Our need for “always-on” connectivity and accessibility has led to the emergence of Wearable Tech such as smart-watches and voice badges, as well as “Smart Home” devices, like Smart TVs and home automation equipment. It’s estimated that there are between 7 and 12 billion internet-connected devices in use in 2016 and that number is estimated to increase to over 22 billion by 2020. Between these devices, internet connected cars, and other internet reliant devices, the average number of devices per user is edging closer to 5.
One major concern with the surge in number of internet-connected devices is the wireless backbone that these devices require for functionality. Currently underway, there are large-scale changes to how we connect to the internet, many municipalities are actively deploying public wireless networks both in public squares and within government buildings, and Google’s Project Loon is a global WiFi design using weather balloons in the stratosphere that broadcast public Wireless internet internationally. These initiatives come with their own set of complications, such as hacking attempts, personal device isolation, and rogue APs mimicking secure SSIDs; a strong wireless security practice coupled with multiple active security features is integral in mitigating these risks. Inherent features like RF Protection and Policy Enforcement Firewall features are excellent examples of a strong security-minded wireless vendor.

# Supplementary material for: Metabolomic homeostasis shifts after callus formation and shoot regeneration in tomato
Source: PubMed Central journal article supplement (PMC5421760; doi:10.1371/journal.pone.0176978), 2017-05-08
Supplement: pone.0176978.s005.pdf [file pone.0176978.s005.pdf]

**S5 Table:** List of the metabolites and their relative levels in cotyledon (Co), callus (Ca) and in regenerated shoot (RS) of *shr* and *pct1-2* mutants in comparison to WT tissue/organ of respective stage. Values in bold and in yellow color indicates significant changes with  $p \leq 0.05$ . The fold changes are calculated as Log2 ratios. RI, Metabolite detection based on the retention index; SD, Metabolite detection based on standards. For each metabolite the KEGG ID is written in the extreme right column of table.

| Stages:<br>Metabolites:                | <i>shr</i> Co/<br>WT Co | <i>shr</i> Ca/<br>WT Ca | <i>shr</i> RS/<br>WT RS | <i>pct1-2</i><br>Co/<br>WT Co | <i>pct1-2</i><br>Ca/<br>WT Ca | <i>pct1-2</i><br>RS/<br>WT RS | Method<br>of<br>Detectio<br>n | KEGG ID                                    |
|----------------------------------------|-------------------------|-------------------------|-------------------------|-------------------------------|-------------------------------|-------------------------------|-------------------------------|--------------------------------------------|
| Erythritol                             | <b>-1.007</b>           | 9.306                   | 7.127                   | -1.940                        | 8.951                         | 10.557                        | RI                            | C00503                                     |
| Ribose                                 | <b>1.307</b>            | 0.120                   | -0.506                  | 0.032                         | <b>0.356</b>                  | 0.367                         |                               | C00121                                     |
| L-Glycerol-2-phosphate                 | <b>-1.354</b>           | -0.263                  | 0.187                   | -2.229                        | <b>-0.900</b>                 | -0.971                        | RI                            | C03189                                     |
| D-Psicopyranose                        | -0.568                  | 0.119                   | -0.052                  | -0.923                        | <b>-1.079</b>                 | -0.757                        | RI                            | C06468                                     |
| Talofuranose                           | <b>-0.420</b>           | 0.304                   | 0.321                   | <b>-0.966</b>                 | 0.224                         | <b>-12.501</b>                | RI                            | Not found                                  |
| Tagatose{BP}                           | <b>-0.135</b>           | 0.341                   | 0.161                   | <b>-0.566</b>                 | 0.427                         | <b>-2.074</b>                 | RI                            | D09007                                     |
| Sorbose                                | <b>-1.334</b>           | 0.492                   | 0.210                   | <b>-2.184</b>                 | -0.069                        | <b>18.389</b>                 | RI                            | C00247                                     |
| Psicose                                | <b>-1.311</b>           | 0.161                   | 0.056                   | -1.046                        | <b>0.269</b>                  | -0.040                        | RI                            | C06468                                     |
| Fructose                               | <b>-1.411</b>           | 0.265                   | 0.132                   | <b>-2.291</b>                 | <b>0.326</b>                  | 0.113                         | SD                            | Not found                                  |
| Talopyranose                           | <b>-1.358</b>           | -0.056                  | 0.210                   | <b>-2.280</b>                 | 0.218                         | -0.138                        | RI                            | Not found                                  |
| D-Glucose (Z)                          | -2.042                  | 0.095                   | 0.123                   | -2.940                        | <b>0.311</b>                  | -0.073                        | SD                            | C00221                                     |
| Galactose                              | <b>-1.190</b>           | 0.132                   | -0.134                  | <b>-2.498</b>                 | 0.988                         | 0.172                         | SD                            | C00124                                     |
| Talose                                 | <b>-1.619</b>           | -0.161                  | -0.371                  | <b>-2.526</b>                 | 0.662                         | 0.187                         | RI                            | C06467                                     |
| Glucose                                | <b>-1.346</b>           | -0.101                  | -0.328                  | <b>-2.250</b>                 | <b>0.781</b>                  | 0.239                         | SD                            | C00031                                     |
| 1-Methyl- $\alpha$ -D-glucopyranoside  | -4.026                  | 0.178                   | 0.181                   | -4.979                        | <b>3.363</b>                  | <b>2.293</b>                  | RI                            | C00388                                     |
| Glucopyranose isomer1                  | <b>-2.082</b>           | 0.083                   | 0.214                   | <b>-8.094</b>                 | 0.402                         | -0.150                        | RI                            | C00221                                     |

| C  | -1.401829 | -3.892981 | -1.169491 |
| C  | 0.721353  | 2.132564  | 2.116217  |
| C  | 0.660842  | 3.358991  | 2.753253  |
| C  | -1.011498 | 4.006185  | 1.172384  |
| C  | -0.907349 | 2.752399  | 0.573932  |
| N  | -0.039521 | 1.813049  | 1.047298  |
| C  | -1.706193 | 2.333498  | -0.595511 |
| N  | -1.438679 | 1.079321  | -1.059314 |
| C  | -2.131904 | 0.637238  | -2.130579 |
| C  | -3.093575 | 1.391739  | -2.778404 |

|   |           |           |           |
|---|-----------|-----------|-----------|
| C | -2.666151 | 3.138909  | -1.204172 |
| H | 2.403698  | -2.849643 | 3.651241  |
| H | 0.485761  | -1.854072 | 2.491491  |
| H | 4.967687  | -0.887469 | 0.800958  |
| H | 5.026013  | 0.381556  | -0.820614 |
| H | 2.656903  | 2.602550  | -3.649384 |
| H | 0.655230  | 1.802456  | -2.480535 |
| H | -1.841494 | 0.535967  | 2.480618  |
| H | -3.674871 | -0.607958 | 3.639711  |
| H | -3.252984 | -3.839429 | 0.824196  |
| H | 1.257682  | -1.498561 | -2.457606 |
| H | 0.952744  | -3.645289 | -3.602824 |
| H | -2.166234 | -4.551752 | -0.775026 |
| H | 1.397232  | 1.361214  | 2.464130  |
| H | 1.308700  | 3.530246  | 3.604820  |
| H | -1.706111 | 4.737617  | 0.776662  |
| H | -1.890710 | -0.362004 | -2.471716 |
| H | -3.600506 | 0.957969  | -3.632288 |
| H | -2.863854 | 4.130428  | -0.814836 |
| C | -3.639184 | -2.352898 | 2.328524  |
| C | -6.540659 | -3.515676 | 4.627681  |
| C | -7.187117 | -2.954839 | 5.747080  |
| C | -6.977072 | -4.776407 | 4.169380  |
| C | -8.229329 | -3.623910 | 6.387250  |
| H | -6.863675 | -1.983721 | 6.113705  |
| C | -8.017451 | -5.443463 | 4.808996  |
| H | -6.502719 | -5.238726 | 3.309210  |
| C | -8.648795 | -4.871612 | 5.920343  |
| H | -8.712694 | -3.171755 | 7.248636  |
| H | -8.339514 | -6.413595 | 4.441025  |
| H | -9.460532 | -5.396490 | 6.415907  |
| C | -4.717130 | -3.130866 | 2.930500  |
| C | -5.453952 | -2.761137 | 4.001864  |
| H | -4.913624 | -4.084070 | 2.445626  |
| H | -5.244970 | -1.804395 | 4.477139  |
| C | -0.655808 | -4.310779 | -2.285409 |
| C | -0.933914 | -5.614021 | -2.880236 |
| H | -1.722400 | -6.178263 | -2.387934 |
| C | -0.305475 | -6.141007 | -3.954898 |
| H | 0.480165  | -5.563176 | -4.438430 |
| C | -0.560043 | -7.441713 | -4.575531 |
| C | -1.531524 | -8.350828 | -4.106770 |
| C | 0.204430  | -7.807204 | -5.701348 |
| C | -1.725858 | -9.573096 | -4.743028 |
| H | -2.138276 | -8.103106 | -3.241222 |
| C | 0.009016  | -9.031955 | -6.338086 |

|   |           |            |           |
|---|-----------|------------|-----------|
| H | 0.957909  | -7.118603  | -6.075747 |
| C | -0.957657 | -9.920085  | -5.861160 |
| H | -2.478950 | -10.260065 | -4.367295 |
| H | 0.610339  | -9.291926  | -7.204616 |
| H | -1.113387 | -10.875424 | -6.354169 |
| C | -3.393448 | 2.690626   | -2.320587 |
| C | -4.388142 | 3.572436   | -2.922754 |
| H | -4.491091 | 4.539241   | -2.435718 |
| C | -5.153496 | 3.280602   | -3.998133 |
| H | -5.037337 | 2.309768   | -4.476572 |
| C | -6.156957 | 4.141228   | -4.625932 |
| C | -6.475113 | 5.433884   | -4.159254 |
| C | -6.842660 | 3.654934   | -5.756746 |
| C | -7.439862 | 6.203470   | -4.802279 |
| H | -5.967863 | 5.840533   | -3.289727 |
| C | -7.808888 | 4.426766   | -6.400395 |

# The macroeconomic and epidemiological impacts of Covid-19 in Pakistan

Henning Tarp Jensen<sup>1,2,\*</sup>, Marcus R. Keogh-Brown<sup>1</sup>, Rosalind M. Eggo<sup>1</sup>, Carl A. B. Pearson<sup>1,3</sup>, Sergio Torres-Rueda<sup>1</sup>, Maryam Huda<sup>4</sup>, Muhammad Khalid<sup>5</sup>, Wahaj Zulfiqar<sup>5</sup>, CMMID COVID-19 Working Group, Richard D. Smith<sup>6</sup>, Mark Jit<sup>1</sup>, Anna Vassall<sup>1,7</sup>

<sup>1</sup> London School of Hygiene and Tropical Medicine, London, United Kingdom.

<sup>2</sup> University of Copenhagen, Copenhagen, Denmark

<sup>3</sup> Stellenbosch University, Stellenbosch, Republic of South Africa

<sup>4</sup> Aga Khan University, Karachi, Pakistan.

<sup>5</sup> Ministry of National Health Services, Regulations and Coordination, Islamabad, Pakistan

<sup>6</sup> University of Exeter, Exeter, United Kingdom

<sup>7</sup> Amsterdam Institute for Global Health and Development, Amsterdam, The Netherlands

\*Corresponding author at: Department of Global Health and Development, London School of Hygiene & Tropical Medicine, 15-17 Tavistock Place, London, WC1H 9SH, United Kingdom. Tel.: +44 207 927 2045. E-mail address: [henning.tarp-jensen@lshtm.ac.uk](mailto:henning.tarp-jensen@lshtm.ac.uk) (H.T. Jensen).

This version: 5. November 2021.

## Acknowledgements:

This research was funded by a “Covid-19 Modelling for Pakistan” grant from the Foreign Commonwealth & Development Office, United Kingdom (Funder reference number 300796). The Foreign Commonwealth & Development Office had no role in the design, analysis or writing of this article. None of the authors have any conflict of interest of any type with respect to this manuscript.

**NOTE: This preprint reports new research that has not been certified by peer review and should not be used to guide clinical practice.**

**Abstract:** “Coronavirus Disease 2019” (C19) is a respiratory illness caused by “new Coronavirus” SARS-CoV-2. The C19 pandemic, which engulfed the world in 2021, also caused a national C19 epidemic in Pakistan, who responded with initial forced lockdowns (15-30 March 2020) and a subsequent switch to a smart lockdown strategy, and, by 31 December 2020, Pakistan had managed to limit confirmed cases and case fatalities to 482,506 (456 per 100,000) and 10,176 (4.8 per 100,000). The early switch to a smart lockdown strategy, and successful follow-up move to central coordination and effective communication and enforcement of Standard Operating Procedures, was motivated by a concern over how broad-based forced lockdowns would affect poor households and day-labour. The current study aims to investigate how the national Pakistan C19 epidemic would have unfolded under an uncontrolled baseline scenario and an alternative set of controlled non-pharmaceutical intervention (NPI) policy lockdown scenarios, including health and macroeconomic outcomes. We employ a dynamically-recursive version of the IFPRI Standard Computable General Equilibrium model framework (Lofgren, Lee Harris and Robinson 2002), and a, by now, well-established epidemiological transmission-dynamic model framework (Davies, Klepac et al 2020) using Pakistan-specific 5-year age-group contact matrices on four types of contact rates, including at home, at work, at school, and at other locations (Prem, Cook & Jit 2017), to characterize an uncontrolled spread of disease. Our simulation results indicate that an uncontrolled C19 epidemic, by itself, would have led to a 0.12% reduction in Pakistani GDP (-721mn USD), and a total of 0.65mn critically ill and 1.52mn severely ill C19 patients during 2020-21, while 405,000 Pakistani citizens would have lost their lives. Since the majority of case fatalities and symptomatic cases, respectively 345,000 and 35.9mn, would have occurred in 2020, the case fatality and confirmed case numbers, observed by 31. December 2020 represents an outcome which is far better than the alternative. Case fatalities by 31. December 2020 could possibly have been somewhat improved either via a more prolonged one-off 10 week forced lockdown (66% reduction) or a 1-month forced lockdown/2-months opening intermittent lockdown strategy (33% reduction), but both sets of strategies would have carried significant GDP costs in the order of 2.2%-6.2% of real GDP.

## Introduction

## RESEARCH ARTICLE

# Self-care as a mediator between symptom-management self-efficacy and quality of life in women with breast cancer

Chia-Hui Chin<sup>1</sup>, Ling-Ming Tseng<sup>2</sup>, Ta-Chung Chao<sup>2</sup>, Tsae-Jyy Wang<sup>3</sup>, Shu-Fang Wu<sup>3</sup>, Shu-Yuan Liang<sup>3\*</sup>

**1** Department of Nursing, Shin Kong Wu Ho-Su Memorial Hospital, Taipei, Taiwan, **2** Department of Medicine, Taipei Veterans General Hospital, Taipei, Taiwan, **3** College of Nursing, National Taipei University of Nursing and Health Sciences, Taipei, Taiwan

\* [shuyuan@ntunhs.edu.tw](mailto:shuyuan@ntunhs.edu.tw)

With the significant increase in wireless devices on our networks, we need to start looking forward towards new wireless protocols and deployment strategies that take the increased need for bandwidth and client capacity into account. The adoption of the 802.11AC protocol introduces Multi User MIMO (Multiple Input Multiple Output) which allows real-time transmission between the AP and multiple endpoints getting rid of the bottleneck of serialization of communication, as well as added throughput per client with an estimated 1.8 Gigabit per second possible. Newer wireless deployments are also taking advantage of capacity-based wireless deployments over the previous generation of coverage-based networks, differing in the density of access point placement along with more capable hardware in APs, these networks are able to deliver higher quality network performance to many more clients.